The effluent from filter 6 can be moved directly to a sewer, river or stream, or can be recycled back to the original rinse tank for reuse.
In accordance with the flow chart of FIG. 2, and rather than using a separate chrome treatment tank, the treatment mixture of this invention can be added to the chrome rinse tank 2, in which case it becomes a combined rinse and treatment tank. Otherwise, the process according to FIG. 2 is the same as illustrated in FIG. 1. Actually, the use of the FIG. 2 process is preferred since not only can the separate treatment tank and accompanying inlet and outlet lines be eliminated, but surprisingly the rinse is more effective in obtaining removal of more of the chromium from the plating operation when the rinse tank is also used as a treatment tank.
While the pH of the chrome rinse tanks and that occurring in the chrome treatment tank 4 (FIG. 1) prior to the addition of the treating composition of this invention can vary widely, the pH before addition usually is about 3.0±0.5.
A very important aspect of the process and composition of this invention is its ability to recover the chromium, which is removed as barium chromate in a simple two step procedure involving backwashing barium chromate removed by filter 6 into an agitated tank to which there is added representative chromic acid plating solution. This plating solution contains about 100 to 200 weight parts of chromic acid per weight part of sulfate, which is typically present as sodium sulfate, sulfuric acid, etc. The volume ratio of a typical plating bath which is added to tank 8, in which the backwashed barium chromate is agitated, ranges from about 3.5 to 4.5 to 1 molar, or preferably 4 to 1 at a pH of 1 to 1.5. This chromic acid from plating tank 1 can be pumped from the plating tank directly to the agitated barium chromate-containing tank.
Thus, there is provided a chromium removal and recovery process wherein chromium is removed as barium chromate by direct precipitation using the composition of this invention in a process environment permitting its comparatively inexpensive and direct regeneration to chromic acid in a condition in which it is suitable for direct reuse in the chromic acid plating process tanks.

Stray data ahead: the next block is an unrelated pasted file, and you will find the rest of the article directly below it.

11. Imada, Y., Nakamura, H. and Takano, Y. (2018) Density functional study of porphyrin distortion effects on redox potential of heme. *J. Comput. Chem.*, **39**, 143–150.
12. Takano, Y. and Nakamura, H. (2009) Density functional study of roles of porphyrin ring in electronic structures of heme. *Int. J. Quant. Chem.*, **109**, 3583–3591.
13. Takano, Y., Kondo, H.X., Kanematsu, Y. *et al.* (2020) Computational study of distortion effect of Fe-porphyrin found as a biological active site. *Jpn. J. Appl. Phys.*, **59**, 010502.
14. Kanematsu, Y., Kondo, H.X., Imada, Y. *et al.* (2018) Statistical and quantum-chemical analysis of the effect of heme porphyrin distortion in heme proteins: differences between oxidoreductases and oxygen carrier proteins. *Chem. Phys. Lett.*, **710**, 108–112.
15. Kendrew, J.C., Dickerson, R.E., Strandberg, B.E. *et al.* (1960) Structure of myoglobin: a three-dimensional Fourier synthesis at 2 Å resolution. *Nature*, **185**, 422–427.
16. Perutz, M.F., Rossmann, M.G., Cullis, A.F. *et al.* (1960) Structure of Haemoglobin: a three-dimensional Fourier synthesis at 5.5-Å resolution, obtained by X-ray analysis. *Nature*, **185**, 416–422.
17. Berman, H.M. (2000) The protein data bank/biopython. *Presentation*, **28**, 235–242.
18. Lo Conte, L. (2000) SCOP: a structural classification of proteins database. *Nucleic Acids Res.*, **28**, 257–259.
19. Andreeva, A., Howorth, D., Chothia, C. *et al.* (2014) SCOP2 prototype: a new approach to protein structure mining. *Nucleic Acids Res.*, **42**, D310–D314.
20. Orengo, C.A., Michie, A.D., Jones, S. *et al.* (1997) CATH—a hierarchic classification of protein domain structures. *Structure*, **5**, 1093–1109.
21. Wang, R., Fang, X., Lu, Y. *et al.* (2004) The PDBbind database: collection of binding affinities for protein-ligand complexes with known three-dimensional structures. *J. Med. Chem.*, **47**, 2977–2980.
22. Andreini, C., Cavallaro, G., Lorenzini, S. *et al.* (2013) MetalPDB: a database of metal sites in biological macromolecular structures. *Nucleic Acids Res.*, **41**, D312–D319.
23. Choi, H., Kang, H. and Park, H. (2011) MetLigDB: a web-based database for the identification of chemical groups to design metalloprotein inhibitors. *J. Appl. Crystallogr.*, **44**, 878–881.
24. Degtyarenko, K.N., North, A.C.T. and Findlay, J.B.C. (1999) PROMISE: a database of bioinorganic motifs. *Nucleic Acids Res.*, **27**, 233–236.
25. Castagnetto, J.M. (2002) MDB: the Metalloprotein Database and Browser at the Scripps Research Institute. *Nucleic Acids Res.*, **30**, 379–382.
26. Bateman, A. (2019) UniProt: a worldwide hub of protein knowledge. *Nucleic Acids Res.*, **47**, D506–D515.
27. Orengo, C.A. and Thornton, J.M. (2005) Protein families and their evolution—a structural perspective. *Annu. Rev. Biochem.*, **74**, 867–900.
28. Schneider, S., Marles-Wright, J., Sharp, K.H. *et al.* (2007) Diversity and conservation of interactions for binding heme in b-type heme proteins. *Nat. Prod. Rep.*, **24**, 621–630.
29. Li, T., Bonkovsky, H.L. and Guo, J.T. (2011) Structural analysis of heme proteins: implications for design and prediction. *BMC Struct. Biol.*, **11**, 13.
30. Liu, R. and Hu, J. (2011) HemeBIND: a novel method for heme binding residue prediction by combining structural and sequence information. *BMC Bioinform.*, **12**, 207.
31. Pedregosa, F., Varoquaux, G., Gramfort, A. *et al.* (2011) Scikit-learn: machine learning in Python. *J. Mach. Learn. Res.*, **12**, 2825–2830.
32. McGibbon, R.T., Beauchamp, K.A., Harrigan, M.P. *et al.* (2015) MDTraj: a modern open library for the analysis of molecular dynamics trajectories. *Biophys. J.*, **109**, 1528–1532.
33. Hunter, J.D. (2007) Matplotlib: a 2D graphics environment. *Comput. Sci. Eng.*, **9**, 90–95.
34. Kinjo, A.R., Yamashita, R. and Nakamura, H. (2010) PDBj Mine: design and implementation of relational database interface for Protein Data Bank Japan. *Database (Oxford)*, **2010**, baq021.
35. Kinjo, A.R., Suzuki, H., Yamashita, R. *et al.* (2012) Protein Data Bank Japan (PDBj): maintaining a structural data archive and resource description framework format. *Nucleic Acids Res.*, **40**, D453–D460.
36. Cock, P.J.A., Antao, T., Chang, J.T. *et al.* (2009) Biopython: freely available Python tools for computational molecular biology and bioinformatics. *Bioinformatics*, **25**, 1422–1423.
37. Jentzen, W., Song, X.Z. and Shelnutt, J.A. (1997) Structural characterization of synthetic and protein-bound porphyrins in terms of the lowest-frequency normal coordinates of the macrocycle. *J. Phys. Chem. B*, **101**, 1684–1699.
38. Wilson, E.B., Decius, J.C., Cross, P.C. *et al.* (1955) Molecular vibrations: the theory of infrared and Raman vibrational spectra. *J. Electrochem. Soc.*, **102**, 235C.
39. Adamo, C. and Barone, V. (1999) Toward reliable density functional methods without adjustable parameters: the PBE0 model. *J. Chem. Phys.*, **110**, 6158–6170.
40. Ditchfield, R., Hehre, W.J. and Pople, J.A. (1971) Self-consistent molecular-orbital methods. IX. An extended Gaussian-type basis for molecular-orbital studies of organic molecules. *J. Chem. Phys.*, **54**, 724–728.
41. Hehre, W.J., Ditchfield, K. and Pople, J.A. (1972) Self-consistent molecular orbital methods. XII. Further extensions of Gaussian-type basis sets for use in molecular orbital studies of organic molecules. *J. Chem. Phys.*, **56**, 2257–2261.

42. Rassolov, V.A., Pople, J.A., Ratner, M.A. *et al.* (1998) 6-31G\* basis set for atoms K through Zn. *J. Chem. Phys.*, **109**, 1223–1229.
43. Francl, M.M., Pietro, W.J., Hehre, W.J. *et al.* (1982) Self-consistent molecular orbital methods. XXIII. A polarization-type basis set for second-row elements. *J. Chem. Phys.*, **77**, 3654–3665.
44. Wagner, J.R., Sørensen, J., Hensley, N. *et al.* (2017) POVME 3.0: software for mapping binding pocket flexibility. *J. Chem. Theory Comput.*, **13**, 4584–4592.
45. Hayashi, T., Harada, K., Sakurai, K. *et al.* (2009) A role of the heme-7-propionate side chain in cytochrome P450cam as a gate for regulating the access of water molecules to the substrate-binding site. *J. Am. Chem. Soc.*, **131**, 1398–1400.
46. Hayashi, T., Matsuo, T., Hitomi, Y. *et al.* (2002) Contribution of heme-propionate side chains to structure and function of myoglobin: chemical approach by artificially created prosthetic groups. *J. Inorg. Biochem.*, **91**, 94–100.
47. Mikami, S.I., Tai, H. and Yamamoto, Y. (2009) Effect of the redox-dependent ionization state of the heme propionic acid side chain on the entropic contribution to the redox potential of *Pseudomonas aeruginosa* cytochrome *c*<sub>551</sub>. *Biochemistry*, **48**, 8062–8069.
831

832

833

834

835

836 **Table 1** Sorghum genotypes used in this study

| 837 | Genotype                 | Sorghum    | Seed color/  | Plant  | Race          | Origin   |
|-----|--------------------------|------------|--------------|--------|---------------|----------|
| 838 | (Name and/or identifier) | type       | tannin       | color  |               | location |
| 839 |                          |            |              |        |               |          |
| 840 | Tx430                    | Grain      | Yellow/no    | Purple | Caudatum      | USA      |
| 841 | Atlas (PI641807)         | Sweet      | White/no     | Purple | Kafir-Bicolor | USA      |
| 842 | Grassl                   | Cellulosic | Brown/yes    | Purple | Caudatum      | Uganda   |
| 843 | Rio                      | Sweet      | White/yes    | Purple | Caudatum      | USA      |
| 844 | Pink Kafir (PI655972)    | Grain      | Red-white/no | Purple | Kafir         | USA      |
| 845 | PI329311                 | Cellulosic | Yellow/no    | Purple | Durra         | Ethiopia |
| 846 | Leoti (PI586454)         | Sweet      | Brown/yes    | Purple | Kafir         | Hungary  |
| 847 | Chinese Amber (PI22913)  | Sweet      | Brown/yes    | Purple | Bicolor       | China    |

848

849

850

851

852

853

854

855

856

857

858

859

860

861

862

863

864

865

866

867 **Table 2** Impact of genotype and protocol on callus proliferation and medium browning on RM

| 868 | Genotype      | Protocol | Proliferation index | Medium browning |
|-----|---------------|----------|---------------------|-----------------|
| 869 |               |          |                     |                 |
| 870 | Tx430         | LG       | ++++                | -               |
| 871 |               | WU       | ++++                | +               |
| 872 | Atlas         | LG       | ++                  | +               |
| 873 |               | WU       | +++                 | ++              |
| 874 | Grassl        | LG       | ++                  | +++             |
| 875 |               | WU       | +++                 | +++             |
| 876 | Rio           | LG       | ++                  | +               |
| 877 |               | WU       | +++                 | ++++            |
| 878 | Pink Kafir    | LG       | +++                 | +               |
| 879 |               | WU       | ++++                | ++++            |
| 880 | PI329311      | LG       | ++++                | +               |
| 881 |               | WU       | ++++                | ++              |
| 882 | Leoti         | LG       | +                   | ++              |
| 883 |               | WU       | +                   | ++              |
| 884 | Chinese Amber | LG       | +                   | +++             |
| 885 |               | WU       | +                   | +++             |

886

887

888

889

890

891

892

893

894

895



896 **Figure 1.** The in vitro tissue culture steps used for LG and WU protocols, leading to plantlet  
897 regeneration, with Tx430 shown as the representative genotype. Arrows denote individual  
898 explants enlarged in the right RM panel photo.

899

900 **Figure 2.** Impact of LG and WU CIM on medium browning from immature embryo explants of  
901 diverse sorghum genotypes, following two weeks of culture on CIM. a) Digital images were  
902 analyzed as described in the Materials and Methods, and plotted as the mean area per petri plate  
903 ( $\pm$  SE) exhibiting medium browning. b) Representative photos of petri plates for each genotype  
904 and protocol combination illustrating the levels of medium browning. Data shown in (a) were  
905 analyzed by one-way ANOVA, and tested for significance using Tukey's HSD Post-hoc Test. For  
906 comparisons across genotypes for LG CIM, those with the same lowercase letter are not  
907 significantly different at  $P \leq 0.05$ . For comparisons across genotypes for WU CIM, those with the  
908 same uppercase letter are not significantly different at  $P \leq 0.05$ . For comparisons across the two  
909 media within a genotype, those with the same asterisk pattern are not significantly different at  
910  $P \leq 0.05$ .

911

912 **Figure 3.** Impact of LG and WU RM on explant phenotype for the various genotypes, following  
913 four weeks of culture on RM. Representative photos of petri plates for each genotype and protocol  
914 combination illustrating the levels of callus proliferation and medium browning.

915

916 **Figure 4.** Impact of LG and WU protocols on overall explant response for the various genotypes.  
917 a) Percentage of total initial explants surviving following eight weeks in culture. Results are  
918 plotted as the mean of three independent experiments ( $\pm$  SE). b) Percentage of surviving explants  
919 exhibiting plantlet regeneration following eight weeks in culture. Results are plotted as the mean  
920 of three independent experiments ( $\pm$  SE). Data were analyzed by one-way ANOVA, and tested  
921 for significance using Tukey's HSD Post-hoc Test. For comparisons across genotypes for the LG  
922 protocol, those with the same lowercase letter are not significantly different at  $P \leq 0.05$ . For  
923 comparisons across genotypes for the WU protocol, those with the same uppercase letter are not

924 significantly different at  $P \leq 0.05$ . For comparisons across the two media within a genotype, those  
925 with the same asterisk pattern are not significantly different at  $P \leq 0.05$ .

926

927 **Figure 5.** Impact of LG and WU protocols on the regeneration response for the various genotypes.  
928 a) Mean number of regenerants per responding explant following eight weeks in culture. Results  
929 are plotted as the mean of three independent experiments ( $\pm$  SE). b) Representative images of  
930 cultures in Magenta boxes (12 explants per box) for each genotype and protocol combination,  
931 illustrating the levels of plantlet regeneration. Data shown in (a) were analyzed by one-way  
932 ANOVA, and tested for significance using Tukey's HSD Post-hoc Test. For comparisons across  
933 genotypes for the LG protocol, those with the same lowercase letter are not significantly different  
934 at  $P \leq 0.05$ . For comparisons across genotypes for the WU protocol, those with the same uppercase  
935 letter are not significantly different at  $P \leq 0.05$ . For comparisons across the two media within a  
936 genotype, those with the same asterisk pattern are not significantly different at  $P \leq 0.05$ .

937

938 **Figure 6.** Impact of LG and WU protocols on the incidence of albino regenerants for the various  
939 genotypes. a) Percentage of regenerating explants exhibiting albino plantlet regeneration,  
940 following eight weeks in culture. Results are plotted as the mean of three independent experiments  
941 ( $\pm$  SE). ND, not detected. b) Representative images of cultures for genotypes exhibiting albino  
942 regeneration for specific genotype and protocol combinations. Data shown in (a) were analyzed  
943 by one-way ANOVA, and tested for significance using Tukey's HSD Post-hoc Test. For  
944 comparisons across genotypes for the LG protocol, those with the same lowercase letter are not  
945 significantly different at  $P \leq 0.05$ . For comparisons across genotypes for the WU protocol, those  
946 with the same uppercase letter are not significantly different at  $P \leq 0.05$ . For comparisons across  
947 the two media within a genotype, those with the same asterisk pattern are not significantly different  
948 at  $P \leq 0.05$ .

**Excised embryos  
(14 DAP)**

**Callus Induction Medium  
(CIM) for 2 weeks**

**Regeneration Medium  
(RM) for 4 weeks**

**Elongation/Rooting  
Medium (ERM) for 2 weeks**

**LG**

As previously stated, this invention involves the carefully controlled use of a combination of barium carbonate and/or barium hydrate, plus selected acetate(s) wherein the weight ratio of the combination of barium carbonate and/or barium hydrate to the selected acetate ranges from about 3-15 to 1, and preferably about 4 to 1. The acetate may be one or more acetates selected from the group consisting of barium acetate, calcium acetate, strontium acetate, ethyl acetate, ethylidene diacetate, ferric acetate, isobutyl acetate, isopropyl acetate, methyl acetate, aluminum acetate, stannous acetate, cerous acetate, cobalt acetate, cupric acetate, magnesium acetate, manganese acetate, nickel acetate, uranyl acetate, sodium diacetate, zinc acetate, or mixtures thereof. Acetic acid can also be used as disclosed in parent application Ser. No. 500,606. However, it is preferred that the acetate radical be in dry form so that it can be premixed with the barium carbonate and/or barium hydrate, which are also available as powders. Accordingly, the preferred acetates are those of barium, calcium strontium, iron (ferric) aluminum, tin (stannous), cerium (cerous), cobalt, copper (cupric), magnesium, mangenese, nickel, uranium (uranyl), sodium, zinc and mixtures thereof.